Briefly turning away from the water, the trail passed through a second windbreak of pine trees, many of which are dying now from the extreme wet conditions they're dealing with from the growing swamp. More duckweed and a variety of other aquatic plants thrived here in what was the most scenic section of the swamp at this point. Here, the trail bisected the swamp, and the distant greens of newly leafed deciduous trees provided a bit of stark contrast to the darkness of the swamp. Lulu seemed to be enjoying it, though she wanted off the boardwalk and out in the swamp exploring. I spotted a beaver den/house beyond the initial treeline, but with no sign of said beaver after some searching, we carried on. The sheer size of the dammed area began to become much more noticeable, as the water past another treeline well out in the swamp seemed to drop off a bit. That's when I realized the beavers had constructed a dam the entire length of that treeline, completely separating it from the unnamed stream that filled the embayment there. As we exited the swamp, more cattails awaited, and we were back briefly in a pine forest that had seen some kind of recent burn, before emerging back out into the fields. As we made our way down the gravel path, I stopped to photograph a cardinal, one of Robin's favorites, and also what looked like ground ivy with purple flowers and also some very early blackberry blooms as well.

When the trail split, we veered right on a less defined path, an old road bed that I'd read led out to the river. Old pipes and trash dumped from long ago was around, as well numerous springs that made for muddy crossings at times. Large frogs or toads, I'm unsure which, became spooked, jumping in the water and in turn spooked me, as the area is dead quiet. To our right, the springs seemed to weave in and out of a reasonably young canopy with a grassy meadow underneath, while the backwaters of the Elk River, and waist high yellow water buttercup filled the view on the left. The trail dead-ended at a large bend in the Elk River. To the right lay Gray Ridge, and a large enough open area ready made for a great camping spot awaited. Signs were in place to tell of rules and length of stay, but I've love to toss some wood on a fire here and take in the stars one weekend. Speaking of fire, the fire rings here were remarkably clean, much to my surprise. Against the treeline, an odd cluster of orange iris grew quite well, their blooms glowing like stars, and reminded me of those I had when I was a kid at my parent's house. Lulu insisted on finding a way down to the water, which looked deep right up to the edge for a good drink. Across the embayment I could see old steps leading down to the river, but I'm unsure if that's private land, or remnants on TVA property from decades ago.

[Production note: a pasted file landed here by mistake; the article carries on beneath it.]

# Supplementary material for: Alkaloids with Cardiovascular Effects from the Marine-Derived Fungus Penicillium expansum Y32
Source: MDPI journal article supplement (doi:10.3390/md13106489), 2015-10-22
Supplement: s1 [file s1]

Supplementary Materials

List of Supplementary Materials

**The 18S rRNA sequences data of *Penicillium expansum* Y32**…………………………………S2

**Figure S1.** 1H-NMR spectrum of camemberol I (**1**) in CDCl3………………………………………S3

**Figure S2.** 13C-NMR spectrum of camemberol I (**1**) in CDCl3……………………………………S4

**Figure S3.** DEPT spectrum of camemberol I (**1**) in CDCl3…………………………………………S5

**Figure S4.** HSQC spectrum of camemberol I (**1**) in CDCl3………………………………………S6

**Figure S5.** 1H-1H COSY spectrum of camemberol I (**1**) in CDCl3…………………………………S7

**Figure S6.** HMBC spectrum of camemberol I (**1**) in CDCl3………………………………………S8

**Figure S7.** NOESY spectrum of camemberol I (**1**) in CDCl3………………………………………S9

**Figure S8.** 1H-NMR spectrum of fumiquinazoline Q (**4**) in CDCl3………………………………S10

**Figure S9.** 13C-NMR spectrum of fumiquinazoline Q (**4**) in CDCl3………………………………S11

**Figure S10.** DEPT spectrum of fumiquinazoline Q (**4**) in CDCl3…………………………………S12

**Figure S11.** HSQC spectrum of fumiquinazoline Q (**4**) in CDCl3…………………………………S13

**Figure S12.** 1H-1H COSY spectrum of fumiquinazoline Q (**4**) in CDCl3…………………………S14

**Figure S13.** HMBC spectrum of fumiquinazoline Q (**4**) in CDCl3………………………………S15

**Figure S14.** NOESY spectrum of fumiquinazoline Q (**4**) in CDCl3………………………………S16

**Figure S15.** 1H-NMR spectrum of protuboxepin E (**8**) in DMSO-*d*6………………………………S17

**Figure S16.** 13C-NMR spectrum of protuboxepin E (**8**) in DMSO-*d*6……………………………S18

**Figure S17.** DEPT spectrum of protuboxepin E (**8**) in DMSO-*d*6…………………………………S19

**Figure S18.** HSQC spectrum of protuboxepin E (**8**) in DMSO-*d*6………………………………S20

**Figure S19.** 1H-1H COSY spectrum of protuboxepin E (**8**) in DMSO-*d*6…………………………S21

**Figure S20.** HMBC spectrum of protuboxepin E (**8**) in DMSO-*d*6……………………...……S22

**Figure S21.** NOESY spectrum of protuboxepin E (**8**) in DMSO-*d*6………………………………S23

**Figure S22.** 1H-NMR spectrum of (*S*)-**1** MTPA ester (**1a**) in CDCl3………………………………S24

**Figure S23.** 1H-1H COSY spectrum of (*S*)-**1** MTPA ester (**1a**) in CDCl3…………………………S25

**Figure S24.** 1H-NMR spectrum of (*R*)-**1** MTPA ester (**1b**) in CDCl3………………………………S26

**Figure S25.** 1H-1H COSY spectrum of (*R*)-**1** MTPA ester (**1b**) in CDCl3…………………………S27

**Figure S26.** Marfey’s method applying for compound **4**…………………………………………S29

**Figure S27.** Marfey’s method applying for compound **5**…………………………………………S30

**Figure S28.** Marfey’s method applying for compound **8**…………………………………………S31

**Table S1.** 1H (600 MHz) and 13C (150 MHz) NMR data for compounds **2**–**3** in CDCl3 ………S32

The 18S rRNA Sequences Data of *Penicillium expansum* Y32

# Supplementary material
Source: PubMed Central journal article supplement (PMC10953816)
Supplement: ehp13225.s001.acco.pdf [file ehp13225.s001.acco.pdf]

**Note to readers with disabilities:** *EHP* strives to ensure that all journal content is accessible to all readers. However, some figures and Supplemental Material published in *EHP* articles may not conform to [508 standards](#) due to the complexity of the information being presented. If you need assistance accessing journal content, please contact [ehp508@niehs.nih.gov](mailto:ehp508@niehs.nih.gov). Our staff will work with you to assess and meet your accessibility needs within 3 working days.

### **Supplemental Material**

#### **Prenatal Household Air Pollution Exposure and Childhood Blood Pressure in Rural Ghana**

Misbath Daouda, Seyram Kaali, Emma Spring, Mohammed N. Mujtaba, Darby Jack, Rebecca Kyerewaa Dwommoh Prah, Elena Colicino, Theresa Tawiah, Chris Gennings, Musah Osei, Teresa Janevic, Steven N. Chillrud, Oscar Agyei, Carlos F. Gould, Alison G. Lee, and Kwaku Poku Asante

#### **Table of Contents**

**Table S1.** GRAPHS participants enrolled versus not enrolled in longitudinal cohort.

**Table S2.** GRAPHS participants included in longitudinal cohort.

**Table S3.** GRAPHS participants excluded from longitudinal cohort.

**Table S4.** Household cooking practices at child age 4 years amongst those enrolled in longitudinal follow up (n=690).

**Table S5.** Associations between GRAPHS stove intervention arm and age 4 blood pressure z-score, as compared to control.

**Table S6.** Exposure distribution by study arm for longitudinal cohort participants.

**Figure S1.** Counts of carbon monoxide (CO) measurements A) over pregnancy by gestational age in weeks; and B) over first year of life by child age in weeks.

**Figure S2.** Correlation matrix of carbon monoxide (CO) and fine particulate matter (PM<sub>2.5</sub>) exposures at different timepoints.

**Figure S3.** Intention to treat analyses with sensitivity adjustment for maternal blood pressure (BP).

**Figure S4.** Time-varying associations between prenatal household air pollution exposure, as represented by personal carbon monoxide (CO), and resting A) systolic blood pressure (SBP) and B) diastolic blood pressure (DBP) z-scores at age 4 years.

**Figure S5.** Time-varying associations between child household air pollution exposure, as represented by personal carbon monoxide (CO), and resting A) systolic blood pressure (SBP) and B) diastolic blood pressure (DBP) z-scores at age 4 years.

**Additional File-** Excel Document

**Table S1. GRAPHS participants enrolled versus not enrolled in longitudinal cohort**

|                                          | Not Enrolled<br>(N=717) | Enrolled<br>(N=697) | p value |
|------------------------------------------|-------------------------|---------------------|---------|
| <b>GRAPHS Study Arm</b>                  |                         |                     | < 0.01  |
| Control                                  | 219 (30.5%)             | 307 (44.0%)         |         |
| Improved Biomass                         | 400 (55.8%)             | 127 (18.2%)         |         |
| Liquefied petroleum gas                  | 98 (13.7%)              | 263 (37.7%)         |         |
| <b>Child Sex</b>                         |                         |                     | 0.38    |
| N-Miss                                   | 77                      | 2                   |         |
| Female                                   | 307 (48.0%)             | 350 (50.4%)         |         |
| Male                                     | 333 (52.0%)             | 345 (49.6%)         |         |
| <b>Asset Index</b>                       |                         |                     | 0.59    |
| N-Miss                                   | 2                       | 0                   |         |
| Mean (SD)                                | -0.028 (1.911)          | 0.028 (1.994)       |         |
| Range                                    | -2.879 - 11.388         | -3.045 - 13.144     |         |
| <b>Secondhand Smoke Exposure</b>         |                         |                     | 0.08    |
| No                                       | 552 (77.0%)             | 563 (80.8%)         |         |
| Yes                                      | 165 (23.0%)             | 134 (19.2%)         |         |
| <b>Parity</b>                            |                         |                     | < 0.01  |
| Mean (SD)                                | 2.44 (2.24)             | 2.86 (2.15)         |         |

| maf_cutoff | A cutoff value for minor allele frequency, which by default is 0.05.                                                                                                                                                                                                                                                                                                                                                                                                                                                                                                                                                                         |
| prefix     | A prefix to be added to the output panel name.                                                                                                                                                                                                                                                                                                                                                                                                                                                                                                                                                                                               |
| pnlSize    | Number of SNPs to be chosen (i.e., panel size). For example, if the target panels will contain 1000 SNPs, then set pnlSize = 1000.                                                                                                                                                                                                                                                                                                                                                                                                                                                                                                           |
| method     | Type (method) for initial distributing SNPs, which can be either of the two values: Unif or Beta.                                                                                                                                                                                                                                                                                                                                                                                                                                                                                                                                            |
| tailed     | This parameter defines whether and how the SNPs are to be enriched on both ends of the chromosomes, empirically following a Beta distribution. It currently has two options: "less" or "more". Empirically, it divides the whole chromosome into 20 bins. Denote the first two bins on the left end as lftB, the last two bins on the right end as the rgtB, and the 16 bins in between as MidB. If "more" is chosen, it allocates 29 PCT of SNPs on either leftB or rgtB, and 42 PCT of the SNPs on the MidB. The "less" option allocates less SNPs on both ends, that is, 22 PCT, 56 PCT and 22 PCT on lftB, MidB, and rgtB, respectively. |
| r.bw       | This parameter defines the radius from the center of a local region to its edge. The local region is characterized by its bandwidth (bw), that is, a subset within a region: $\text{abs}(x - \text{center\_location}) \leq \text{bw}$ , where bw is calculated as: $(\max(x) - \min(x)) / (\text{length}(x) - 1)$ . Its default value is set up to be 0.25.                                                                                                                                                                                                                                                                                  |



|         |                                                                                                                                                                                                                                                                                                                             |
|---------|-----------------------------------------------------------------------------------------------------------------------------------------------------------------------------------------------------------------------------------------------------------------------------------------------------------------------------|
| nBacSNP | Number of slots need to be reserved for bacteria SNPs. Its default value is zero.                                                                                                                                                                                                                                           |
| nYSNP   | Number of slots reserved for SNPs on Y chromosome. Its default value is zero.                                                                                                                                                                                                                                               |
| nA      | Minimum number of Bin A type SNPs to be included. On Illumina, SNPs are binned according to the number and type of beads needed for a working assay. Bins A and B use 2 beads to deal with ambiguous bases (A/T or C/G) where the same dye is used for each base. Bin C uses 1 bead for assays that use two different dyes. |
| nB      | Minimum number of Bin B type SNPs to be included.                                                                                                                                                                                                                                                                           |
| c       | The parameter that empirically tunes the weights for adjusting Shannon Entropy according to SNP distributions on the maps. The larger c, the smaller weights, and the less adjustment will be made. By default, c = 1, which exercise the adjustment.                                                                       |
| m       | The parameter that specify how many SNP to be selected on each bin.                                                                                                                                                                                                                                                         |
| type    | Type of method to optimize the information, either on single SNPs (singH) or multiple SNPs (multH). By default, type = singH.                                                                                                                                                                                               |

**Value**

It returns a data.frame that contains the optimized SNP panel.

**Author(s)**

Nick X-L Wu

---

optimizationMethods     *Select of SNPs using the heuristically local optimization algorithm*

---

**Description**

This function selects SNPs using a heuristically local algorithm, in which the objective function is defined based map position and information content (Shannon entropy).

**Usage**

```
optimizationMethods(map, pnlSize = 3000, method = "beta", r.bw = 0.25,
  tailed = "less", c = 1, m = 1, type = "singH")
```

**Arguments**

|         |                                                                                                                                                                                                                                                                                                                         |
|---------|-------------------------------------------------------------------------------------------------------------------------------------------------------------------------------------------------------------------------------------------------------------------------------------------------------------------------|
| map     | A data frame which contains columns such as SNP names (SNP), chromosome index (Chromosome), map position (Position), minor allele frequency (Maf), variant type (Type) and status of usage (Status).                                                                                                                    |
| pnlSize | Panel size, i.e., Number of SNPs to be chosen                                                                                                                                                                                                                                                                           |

As we made our way back to the main trail, I stopped for more photographs of the springs, and of the brilliant yellow of those buttercups. It wasn't far past this first junction of the other split in the trail to the last section of boardwalk. Recently completed, the trail here led across the waters of Baptizing Branch, and of some of the small islands in the river here. Despite looking deep, the area through here is known as the Chickasaw Shoals, and at least in the bay areas, stayed shallow enough for the taller aquatic plants to flourish. The boardwalk terminated in a T shape, staying in the line with the other little islands right along the main channel of the river. Catching movement, I spotted two great blue herons across the river, always a delight to see. After a bit of a rest, and some time to watch the herons, we made our way back to the main trail, which quickly joined and turned back towards the fields, our cars visible as specks in the distance. All along the path here, blackberries bloomed in great numbers, if even a month ahead of schedule. Tall dogwoods lit up the far back edge of the field, and the path cut straight across the field before turning and offering a bench for a break about midway back to the parking area. We stopped only to see if there were a way down to Baptizing Branch to take some photos of it before it reached the river, but the underbrush was too thick. The spot unfortunately offered nothing in the way of shade from the sun. As we came into the final stretch back to the car, we found some kind of spurge in bloom, and skullcaps, though I'm not sure which variety blooms this early in the season. Back at the car, I let lulu drink up before loading the car and heading back home.